Imagine that you lost the keys to your house and neither locksmith nor fire brigade with battering ram could pick the lock or break down the door. That is how 100,000 angry investors who used the QuadrigaCX exchange to purchase cryptocurrency must now feel. The apparent sudden death in December of Canadian Gerald Cotten, the exchange’s 30-year-old founder, has left them in a £200 million-shaped hole.
Cotten, who had Crohn’s disease, is said to have died while on honeymoon in India after his bowel became perforated during what is reported to have looked at first like a bad case of Delhi belly. With him, we are led to believe, went the only crypto key to the place in which QuadrigaCX investor money is stored — repositories known as offline ‘wallets’.
Either fortuitously or suspiciously, depending on your perspective, Cotten made a will 12 days before dying, leaving his £6 million estate to his wife and a £60,000 trust fund for his two chihuahuas. A death certificate has been issued by the government of Rajasthan and a spokesman for the Jaipur hospital to which Cotton was brought has stated publicly that he died there, but naturally not everyone believes he is dead, especially now that research by crypto sleuths has raised the question: was QuadrigaCX nothing more than a Ponzi scheme?
A detailed report on the Zerononcense blog alleges that QuadrigaCX had no offline wallet reserves at all. ‘It appears that QuadrigaCX was using deposits from their customers to pay other customers once they requested a withdrawal. It does not appear that QuadrigaCX has lost access to their bitcoin holdings,’ the report states. It adds the quantity of bitcoin held by QuadrigaCX was ‘substantially less’ than was reported in a sworn affidavit submitted to a Canadian court last month by Cotten’s wife.
What chance do QuadrigaCX investors have of getting their cash back? Sam Reed, chief technology officer of the world’s largest bitcoin exchange, BitMEX, is not optimistic. ‘Well, if he’s actually dead and nobody can get into his laptop that contains the keys, then basically zero,’ he says. He adds it strikes him as very odd Cotten made no contingency plans. ‘It would mean he never made a back-up, paper or otherwise, that he made accessible to anyone at any time. That could be the case. It’s not great security and it’s not very responsible, but I suppose it’s possible.
‘As an exchange operator myself, I find it hard to believe that anybody would not take those steps. At BitMEX, we think all the time about the safety of the money we hold. And we have multiple contingency plans such that if we die or the data centre explodes… it can happen without everyone losing their money. I find it hard to believe that that sort of due diligence wouldn’t have been done in Cotten’s case. But it’s crypto, so anything can happen.’
Reed suggests QuadrigaCX investors’ best hope now lies in authorities somehow cracking the code for Cotten’s laptop and then discovering the lost crypto key, because, he says, guessing the combination for the key itself would be impossible: ‘There’s more possibilities for that key than there are atoms in the universe.’
While the QuadrigaCX case is undoubtedly fascinating, in this age of electronic banking and investment where money exists only in binary code, is it not possible a similar event could at any time befall anyone who uses a traditional bank? According to Ross Anderson, professor of security engineering at Cambridge university’s computer laboratory, the answer is yes. He says in recent years a number of major international banks have had ‘scary near misses’ after getting their digital accounting systems into a mess.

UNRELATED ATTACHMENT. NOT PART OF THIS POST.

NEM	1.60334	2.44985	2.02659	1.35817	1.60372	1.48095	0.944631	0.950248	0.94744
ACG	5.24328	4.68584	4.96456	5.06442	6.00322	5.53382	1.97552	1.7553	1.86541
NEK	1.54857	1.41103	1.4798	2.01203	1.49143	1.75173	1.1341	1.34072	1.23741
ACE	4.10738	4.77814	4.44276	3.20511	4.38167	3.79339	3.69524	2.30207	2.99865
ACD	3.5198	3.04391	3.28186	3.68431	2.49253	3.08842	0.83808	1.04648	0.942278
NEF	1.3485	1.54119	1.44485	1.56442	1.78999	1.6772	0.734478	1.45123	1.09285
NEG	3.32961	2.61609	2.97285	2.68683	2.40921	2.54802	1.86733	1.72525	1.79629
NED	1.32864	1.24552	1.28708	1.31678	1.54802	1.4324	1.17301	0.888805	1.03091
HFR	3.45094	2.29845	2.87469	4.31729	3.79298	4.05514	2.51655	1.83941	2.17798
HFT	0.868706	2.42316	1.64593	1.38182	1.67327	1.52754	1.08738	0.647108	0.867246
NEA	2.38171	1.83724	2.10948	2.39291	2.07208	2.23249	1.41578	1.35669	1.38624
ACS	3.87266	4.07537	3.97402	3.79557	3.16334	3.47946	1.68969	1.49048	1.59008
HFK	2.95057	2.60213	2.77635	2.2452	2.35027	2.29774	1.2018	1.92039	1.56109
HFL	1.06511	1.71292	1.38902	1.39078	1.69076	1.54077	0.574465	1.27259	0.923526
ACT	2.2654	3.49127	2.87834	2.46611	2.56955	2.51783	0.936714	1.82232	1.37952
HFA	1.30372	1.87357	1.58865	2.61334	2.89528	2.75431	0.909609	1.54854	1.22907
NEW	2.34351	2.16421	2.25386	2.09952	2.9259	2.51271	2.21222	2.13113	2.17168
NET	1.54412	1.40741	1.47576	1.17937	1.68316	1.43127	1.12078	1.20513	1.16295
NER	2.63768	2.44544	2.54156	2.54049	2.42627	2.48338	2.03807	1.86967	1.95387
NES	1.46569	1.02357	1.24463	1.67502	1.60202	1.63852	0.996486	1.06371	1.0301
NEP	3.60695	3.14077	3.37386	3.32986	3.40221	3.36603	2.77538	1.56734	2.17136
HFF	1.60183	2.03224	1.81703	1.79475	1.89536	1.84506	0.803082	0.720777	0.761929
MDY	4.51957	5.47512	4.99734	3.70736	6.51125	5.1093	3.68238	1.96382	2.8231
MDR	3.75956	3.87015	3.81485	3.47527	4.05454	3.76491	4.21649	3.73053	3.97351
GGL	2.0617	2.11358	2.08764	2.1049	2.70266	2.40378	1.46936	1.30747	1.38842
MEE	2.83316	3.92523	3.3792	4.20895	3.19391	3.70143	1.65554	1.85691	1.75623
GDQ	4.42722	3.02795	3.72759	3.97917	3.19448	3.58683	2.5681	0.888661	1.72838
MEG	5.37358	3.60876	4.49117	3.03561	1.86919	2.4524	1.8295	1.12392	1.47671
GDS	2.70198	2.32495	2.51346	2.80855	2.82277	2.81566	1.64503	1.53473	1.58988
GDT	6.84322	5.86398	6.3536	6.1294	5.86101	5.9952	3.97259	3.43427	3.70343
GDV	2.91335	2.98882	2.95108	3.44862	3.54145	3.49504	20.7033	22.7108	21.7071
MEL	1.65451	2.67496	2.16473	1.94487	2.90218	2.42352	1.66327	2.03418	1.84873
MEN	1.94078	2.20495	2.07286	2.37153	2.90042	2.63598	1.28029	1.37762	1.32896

He says: ‘Over the past 30 years, banking systems have become more and more complicated. It’s been made particularly complicated by the arrival of real time settlement systems. So you no longer automatically checkpoint things overnight, and if you get things in a fankle whereby the bank is out of balance because there are bugs creating errors which in turn cause more errors and still more errors, then the whole thing can cascade and you can end up screwed. On the occasions where we have come close to losing a bank, that is what has happened.’
He says banks on the whole today use legacy digital computing systems that have been modified and patched up since the 1990s, meaning they are far from perfect.
‘We had a near miss at NatWest, there was a big screw-up with TSB and there have been other cases where banks have sought to replace systems and the project has dragged on for several years more than was planned and cost several hundred million more than was planned.’
In the cases of NatWest (2012) and TSB (2018), hundreds of thousands of customers were locked out of their accounts or shown other people’s account details in error. In the end, no customers lost money but the TSB failure alone, which cost CEO Paul Pester his job, took longer than six weeks to fully resolve.
Professor Anderson is unequivocal that in the case of a really big bank failure caused by a computing system error, proving the existence of funds held in your account would be nigh-on impossible.
He says: ‘If you turned up with a bundle of paper bank statements, your bank would say, “Fuck off sonny, we only believe the computers.” And the computers will be down for the next eight months, while the forensic accountants go through them.’
That said, Anderson, who until recently refused to use online banking at all, says he still prefers traditional banking systems to the brave new world of crypto.
He says: ‘Overall, financial IT has been pretty dependable over the past 50 years without any major catastrophes, despite the occasional extended outages.
‘Cryptocurrencies are scams and anybody who puts any money into them and loses the lot only has themselves to blame.’